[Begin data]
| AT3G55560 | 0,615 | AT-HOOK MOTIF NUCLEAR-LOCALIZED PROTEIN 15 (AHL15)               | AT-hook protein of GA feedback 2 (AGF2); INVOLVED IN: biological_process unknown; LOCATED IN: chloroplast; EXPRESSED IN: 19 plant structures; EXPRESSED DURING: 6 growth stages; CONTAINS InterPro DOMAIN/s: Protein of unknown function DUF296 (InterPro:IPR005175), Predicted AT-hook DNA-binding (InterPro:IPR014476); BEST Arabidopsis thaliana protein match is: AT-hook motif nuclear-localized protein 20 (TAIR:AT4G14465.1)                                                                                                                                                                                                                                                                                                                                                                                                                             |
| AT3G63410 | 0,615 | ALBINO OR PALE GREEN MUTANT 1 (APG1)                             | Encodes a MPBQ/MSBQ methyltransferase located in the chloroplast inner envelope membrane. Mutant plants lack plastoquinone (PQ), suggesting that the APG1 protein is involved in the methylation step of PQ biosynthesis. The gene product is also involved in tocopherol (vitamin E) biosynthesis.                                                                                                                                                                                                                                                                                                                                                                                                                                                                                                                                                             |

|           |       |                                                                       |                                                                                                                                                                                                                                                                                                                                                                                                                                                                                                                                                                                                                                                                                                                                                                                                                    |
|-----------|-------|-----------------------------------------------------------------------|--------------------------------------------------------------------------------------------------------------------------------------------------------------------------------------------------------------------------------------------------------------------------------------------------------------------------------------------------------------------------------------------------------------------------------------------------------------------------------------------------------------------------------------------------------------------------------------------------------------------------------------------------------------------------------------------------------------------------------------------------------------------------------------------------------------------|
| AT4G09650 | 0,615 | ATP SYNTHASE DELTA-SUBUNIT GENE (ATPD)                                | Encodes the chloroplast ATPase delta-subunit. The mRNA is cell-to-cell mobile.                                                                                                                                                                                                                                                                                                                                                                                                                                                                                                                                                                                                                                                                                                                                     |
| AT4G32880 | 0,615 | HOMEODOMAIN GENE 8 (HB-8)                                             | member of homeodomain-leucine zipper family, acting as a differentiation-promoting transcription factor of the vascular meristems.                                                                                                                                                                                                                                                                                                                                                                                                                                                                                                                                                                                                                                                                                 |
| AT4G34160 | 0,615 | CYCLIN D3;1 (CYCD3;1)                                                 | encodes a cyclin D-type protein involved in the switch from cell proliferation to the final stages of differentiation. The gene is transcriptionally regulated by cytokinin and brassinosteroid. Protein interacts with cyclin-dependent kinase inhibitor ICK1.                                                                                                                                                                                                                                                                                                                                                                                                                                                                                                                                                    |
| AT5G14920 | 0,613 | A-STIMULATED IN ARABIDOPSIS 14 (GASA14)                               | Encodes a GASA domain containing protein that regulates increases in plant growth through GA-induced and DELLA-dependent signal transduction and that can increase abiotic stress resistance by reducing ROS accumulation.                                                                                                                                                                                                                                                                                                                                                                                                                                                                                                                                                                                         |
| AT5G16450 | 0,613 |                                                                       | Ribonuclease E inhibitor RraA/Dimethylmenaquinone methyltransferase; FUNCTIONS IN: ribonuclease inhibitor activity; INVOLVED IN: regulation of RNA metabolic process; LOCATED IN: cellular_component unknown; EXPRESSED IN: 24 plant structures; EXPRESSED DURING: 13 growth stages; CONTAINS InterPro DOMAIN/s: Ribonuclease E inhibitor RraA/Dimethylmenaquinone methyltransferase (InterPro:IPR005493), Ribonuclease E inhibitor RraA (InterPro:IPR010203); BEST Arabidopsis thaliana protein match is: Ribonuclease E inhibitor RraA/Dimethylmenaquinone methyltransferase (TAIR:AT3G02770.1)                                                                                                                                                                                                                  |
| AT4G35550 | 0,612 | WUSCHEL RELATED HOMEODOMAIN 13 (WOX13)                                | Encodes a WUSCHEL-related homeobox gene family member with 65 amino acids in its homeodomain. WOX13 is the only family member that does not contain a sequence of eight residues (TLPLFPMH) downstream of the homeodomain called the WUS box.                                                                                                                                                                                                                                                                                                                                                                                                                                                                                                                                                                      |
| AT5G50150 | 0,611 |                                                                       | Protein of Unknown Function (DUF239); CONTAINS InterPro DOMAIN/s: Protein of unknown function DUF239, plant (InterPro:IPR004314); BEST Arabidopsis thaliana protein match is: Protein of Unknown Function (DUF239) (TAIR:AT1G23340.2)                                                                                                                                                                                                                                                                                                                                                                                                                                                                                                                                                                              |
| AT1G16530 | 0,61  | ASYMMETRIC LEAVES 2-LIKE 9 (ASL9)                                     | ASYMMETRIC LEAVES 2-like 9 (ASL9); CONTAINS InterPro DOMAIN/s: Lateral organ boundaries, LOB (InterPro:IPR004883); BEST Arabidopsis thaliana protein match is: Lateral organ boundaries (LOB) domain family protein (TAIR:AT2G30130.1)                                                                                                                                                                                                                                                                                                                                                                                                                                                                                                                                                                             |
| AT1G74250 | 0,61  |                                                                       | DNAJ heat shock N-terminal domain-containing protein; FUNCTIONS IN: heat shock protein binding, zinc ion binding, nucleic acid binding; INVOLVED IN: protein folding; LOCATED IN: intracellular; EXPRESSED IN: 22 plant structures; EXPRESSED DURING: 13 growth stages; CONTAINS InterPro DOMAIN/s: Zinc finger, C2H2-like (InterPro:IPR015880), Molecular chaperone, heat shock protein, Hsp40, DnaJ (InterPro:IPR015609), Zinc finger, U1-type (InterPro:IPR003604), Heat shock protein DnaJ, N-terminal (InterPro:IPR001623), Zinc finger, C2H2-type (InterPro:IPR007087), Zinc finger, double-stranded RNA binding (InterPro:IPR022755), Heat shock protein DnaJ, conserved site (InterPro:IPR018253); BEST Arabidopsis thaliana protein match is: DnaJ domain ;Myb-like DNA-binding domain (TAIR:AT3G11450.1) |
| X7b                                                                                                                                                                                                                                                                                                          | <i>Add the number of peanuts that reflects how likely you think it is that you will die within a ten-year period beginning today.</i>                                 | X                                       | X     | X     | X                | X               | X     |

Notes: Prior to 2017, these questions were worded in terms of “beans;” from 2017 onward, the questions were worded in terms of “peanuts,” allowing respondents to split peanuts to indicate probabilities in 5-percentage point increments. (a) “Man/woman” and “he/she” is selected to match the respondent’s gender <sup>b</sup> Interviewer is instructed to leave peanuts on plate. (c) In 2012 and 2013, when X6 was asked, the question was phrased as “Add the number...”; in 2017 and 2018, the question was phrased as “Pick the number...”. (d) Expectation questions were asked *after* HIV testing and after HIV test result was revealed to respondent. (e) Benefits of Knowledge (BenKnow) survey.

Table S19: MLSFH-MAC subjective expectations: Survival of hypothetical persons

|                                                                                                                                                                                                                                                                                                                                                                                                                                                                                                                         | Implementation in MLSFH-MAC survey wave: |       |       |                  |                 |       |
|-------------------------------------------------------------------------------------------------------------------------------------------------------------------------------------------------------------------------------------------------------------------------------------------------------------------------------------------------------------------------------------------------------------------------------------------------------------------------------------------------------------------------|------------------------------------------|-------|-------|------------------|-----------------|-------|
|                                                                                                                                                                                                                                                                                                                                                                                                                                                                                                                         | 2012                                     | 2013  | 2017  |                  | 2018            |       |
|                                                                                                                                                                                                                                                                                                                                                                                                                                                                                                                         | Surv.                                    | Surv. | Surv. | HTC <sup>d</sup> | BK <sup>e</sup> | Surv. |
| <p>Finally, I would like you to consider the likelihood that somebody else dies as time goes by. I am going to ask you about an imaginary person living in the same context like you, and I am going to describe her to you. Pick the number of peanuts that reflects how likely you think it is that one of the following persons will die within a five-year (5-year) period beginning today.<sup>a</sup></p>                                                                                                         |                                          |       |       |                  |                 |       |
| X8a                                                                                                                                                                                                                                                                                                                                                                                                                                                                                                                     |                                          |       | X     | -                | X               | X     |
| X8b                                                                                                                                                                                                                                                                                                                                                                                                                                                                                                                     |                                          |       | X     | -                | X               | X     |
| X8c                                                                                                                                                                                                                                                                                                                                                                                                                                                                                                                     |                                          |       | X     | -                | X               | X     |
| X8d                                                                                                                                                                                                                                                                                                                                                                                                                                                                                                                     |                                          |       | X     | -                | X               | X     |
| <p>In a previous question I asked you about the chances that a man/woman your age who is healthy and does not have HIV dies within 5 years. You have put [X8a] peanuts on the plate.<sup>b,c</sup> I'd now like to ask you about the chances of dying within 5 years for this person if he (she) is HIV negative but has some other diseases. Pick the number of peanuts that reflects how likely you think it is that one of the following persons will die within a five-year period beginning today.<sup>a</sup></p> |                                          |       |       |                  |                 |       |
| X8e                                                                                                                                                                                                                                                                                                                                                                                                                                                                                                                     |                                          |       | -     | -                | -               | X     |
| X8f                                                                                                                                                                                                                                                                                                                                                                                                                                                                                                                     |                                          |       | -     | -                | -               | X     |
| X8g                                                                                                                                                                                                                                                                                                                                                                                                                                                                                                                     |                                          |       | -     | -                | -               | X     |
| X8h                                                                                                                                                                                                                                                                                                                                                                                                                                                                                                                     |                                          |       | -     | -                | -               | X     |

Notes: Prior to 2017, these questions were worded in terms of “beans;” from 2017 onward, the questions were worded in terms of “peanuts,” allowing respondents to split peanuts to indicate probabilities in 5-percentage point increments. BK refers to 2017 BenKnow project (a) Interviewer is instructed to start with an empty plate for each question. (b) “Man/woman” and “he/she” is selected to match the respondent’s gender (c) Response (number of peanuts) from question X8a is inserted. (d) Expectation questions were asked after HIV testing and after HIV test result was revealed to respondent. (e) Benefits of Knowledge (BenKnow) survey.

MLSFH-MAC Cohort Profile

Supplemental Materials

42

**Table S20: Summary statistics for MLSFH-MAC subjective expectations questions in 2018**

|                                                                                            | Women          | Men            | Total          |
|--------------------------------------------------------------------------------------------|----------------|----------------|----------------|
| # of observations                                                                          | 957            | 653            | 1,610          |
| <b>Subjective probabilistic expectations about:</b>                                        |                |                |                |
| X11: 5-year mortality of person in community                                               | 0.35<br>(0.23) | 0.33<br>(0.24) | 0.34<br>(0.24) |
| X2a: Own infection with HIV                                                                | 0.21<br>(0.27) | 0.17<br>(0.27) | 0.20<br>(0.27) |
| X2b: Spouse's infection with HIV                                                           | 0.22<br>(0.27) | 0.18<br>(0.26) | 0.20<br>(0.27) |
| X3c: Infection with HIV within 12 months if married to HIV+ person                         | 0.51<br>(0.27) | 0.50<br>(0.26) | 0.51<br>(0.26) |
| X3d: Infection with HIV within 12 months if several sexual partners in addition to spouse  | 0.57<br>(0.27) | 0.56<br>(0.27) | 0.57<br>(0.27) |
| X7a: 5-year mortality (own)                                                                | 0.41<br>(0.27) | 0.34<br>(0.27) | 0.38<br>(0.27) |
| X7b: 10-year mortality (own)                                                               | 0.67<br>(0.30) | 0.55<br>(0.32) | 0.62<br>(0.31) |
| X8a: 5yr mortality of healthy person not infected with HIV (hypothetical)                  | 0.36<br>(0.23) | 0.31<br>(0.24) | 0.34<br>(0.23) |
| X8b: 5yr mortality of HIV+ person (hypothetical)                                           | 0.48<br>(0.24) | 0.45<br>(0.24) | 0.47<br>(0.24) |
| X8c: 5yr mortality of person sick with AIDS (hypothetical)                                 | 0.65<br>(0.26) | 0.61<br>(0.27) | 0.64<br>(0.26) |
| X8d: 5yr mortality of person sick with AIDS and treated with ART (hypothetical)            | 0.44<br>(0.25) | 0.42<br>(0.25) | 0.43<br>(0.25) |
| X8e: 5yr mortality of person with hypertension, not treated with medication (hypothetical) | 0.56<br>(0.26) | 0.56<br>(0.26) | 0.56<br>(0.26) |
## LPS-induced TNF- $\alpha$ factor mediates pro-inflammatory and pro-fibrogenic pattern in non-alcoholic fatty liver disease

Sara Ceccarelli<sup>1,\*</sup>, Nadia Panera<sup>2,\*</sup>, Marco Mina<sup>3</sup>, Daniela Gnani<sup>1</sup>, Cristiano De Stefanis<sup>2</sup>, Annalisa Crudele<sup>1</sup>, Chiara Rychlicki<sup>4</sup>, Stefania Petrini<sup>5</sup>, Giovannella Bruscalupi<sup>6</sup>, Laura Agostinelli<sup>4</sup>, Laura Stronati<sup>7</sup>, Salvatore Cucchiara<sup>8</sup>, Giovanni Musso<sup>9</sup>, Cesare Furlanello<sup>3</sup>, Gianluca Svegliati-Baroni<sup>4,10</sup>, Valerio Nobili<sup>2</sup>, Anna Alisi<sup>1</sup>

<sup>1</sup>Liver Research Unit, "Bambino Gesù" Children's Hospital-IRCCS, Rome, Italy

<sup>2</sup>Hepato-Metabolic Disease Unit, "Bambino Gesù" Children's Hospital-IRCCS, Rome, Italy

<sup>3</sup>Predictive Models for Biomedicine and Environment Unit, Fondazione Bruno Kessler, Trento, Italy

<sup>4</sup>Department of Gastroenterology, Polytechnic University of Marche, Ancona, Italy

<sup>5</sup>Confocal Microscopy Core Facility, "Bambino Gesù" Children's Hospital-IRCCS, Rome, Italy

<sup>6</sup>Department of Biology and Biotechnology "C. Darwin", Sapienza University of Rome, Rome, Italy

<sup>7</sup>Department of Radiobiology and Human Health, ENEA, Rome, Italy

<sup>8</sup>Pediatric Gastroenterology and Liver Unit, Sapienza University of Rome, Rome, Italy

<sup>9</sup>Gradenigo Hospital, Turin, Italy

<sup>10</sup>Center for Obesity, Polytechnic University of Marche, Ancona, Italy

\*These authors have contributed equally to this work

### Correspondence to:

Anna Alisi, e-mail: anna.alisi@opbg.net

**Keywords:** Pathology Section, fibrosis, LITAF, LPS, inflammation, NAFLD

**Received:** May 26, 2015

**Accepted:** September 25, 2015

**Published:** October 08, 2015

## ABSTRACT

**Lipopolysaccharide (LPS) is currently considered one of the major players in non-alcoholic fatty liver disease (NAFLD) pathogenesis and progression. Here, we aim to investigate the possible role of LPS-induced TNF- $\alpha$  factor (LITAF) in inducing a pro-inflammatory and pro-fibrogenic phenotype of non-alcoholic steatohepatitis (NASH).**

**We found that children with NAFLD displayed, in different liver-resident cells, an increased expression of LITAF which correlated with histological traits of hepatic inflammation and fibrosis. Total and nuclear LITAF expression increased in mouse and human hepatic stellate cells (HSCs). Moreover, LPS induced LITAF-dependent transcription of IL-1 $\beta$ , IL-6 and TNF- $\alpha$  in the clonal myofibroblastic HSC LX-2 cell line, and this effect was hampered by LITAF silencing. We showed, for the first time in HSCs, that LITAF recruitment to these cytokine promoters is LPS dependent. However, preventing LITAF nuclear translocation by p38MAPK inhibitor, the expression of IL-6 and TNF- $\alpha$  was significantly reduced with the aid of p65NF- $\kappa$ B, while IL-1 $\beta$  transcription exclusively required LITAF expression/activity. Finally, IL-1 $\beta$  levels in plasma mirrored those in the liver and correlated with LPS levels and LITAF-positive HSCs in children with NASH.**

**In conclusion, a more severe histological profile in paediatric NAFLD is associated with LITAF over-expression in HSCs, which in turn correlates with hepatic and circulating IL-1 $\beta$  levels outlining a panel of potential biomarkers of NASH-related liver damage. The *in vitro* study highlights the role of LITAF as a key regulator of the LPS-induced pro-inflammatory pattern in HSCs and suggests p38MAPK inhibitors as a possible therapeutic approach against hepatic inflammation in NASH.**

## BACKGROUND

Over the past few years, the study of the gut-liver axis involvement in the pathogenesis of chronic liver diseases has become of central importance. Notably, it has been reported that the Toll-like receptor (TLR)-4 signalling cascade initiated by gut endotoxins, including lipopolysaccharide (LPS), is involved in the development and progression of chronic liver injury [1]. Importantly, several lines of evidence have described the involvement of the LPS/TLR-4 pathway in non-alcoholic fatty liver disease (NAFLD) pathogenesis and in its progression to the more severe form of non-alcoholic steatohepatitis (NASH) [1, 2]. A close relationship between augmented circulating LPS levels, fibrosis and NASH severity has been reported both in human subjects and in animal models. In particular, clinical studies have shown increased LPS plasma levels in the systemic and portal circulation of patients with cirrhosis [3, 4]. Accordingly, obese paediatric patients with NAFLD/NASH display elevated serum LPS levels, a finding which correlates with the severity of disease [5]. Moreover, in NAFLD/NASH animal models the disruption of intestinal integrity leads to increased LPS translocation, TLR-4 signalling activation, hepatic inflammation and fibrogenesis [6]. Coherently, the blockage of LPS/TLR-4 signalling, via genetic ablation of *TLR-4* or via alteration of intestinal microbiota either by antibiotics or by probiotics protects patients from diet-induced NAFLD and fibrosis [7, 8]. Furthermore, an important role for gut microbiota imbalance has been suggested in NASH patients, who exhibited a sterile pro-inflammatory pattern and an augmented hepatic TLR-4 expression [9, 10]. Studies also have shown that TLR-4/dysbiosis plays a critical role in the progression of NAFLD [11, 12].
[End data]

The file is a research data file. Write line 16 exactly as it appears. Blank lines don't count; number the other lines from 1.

Table S19: MLSFH-MAC subjective expectations: Survival of hypothetical persons